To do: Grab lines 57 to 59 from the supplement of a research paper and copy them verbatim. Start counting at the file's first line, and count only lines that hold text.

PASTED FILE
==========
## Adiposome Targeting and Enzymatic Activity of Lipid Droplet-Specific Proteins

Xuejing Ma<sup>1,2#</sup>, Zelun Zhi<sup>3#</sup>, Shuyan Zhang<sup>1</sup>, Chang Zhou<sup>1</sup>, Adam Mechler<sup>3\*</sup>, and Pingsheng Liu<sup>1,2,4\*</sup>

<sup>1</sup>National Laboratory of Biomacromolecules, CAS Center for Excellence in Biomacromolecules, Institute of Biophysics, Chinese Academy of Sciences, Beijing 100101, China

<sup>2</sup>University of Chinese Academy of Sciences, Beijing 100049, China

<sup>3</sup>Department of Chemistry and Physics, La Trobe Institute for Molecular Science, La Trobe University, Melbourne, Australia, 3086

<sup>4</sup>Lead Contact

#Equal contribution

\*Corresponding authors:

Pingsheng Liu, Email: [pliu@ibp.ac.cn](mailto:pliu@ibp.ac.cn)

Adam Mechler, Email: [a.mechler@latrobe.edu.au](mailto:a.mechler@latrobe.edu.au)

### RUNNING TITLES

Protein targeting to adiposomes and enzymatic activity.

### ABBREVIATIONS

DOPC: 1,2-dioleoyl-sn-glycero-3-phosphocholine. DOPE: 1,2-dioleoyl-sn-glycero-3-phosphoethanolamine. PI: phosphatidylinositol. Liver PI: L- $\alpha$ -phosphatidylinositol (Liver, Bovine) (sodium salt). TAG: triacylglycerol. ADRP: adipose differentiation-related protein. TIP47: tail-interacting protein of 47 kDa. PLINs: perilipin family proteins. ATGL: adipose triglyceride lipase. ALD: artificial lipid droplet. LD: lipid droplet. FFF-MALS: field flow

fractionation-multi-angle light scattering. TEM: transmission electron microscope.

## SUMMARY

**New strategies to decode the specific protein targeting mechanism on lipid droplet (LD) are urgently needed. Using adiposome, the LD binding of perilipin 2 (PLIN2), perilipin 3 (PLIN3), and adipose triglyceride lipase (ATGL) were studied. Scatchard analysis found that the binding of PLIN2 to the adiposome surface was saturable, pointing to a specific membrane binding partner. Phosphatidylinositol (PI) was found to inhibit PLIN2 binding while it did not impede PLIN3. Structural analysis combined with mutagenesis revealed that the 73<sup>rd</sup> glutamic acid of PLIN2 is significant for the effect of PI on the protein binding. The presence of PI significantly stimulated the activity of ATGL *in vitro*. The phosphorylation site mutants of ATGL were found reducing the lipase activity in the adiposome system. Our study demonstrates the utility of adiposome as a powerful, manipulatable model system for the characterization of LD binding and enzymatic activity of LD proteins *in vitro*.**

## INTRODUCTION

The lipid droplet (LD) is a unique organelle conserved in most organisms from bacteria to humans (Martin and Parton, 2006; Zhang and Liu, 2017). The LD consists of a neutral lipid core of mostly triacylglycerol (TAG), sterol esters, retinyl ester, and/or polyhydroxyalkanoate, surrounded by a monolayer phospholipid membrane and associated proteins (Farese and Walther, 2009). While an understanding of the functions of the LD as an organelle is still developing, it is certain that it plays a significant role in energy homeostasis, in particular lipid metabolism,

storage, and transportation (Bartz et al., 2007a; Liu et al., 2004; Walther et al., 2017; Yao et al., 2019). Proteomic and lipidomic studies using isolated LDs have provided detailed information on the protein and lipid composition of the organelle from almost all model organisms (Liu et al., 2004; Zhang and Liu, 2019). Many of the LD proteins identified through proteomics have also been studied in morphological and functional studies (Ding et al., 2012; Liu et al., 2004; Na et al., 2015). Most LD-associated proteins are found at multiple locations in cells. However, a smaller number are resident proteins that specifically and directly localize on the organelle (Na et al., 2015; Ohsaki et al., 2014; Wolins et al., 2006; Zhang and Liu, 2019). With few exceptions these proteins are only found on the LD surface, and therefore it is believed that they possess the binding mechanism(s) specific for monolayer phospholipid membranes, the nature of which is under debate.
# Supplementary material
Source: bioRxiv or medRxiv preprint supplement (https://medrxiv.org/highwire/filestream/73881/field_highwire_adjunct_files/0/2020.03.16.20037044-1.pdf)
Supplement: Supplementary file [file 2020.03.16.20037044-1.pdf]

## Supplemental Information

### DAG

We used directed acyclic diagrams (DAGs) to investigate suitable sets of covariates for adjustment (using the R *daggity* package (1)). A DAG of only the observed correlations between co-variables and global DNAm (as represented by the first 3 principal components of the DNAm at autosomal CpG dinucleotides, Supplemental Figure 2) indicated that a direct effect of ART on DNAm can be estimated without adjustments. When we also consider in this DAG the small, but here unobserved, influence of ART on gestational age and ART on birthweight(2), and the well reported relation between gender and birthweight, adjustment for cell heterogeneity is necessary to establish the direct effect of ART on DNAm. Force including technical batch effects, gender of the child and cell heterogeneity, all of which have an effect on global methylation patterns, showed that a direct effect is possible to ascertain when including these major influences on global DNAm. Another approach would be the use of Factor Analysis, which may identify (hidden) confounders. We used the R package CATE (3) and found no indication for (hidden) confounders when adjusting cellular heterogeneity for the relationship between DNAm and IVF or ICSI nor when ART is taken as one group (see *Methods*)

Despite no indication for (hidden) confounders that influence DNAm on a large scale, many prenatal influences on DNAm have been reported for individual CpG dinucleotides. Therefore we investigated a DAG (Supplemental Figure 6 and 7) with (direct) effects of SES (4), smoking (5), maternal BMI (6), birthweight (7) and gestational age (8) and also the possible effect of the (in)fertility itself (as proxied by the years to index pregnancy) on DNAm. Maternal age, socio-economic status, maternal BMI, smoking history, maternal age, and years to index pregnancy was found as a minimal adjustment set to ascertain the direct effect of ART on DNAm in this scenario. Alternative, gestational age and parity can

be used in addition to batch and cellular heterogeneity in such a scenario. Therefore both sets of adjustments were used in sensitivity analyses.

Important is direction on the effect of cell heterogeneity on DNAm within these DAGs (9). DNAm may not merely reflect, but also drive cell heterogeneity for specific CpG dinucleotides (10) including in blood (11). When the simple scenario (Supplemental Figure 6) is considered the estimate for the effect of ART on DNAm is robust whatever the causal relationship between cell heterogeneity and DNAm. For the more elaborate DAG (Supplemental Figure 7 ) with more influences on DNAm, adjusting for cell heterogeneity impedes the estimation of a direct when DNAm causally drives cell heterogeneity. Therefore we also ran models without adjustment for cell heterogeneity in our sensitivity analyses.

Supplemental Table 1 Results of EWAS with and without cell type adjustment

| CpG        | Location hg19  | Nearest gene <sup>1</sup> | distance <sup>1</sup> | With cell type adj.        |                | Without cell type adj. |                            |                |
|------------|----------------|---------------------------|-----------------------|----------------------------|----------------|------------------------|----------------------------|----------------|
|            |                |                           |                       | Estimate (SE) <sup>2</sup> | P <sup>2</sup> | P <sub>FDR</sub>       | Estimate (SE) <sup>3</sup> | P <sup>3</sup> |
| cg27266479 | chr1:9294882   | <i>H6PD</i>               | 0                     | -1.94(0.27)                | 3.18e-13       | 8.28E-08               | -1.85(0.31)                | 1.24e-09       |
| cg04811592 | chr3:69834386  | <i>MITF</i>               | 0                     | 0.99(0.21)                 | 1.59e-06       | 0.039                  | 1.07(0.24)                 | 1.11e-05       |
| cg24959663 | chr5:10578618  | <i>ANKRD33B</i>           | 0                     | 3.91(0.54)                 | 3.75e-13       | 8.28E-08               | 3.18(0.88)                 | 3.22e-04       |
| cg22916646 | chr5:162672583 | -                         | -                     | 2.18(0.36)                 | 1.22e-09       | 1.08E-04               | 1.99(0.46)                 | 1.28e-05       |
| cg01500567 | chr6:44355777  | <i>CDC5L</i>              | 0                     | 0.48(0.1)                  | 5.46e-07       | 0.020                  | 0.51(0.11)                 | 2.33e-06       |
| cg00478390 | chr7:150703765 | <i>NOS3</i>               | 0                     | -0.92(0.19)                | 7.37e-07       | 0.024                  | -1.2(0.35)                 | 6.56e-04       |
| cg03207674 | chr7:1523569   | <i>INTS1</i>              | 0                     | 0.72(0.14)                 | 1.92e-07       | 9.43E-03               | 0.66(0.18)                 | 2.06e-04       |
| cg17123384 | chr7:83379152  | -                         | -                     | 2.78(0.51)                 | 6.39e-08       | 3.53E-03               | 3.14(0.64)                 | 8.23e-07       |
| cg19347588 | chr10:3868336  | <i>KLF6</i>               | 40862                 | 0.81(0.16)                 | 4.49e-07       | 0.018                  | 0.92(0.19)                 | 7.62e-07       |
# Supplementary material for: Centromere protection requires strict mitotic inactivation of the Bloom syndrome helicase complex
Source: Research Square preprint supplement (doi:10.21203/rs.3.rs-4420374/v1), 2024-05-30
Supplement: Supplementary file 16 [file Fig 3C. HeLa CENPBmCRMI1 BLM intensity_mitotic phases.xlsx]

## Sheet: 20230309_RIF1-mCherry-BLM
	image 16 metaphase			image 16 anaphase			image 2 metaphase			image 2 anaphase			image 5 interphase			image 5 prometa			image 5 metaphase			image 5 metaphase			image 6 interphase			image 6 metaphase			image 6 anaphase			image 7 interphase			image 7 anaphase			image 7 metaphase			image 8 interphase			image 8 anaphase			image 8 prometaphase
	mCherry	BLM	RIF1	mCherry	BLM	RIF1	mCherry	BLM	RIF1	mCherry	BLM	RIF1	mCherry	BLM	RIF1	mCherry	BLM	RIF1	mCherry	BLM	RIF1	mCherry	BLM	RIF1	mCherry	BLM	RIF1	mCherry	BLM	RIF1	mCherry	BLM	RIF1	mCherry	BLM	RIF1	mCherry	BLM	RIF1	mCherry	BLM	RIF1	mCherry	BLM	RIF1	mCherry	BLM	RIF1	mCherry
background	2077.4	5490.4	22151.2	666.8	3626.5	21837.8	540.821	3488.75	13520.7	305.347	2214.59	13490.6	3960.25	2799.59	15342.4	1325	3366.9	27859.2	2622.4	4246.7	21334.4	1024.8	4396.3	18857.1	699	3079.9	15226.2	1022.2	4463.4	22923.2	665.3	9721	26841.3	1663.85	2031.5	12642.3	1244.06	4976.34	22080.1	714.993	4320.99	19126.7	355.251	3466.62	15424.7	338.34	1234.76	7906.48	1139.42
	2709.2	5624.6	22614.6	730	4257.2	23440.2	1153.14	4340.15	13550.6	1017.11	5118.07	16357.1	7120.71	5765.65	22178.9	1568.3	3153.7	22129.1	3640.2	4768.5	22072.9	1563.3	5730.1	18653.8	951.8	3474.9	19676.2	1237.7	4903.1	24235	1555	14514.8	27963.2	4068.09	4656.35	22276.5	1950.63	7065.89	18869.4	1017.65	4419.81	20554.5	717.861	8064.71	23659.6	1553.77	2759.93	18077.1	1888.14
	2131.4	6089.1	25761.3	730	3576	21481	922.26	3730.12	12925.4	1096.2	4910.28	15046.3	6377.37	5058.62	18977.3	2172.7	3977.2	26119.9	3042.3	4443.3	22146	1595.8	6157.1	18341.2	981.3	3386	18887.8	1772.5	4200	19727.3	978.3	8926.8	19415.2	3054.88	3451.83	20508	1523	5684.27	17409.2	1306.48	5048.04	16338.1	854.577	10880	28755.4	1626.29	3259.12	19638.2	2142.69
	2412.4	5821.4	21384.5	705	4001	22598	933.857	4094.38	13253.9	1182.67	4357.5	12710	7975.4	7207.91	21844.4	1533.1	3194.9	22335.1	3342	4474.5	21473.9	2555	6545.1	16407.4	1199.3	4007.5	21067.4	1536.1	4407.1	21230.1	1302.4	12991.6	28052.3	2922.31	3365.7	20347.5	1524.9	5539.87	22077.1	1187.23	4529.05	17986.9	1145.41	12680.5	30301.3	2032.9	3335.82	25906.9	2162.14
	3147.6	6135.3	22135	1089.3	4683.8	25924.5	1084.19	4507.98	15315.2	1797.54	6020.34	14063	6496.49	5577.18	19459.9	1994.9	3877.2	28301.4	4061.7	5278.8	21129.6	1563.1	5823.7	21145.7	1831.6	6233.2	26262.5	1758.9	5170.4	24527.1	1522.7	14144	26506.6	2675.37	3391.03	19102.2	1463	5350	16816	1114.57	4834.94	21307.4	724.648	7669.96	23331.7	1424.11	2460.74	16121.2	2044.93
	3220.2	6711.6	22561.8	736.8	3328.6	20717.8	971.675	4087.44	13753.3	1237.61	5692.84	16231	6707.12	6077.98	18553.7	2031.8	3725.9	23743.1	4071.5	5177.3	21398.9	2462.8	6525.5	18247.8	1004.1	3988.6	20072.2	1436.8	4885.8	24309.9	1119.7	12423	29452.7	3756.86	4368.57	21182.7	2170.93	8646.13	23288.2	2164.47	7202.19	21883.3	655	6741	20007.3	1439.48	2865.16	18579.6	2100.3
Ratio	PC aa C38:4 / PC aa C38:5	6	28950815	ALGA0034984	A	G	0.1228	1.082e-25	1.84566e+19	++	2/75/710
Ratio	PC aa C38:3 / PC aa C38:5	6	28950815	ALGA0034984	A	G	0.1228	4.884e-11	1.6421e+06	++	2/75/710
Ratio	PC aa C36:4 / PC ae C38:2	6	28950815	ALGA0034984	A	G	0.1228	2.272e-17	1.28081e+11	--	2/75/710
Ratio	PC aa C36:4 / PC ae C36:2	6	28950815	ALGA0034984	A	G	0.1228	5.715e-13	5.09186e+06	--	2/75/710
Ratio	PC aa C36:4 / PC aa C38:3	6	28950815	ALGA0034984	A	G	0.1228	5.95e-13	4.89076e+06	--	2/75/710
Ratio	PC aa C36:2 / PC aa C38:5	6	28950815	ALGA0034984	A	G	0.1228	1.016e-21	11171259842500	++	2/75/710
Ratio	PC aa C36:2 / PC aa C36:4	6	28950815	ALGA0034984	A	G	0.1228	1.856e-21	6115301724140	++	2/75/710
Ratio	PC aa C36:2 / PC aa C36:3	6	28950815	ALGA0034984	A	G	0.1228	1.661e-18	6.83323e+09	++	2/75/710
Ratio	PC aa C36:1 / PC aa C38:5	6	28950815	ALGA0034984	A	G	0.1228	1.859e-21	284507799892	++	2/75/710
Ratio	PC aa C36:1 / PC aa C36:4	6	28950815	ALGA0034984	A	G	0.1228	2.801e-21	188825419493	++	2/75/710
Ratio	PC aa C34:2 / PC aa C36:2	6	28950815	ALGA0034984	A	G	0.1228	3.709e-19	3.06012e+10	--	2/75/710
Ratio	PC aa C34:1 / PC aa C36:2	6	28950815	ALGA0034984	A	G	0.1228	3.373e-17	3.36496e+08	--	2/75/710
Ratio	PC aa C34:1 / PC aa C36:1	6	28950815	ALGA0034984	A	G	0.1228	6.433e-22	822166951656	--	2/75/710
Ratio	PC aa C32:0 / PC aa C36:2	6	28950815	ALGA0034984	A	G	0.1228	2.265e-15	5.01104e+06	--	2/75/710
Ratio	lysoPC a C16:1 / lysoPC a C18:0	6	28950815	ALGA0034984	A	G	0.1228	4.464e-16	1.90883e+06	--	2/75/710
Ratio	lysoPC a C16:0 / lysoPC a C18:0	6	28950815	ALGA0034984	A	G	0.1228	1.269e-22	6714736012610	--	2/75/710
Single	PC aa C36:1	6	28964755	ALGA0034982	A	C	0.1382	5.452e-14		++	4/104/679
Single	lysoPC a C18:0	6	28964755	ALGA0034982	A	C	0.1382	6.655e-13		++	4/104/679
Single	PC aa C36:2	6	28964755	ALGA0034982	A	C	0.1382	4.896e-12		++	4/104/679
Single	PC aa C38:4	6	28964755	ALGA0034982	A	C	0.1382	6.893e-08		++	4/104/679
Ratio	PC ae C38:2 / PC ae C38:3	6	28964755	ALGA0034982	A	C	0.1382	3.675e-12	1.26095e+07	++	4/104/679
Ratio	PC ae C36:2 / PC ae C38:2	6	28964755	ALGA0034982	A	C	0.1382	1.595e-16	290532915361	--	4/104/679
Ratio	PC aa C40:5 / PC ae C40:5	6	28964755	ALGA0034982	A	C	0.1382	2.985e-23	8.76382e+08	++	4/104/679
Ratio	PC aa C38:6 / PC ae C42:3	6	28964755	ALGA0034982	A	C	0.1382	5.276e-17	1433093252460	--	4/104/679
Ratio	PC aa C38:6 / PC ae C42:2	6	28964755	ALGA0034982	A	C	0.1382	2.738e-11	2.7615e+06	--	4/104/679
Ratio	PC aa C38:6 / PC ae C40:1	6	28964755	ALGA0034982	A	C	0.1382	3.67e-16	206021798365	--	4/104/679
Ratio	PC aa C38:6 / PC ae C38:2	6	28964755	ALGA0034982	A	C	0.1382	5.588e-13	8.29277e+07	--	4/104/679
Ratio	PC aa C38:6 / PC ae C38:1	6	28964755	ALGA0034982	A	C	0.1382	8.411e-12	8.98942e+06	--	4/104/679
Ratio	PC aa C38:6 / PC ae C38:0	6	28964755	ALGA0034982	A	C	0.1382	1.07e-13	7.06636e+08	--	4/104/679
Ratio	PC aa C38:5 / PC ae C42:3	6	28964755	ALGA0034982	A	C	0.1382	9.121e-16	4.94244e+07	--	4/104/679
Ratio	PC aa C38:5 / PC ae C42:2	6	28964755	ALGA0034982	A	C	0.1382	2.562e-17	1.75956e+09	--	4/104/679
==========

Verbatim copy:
Ratio	PC aa C36:4 / PC ae C38:2	6	28950815	ALGA0034984	A	G	0.1228	2.272e-17	1.28081e+11	--	2/75/710
Ratio	PC aa C36:4 / PC ae C36:2	6	28950815	ALGA0034984	A	G	0.1228	5.715e-13	5.09186e+06	--	2/75/710
Ratio	PC aa C36:4 / PC aa C38:3	6	28950815	ALGA0034984	A	G	0.1228	5.95e-13	4.89076e+06	--	2/75/710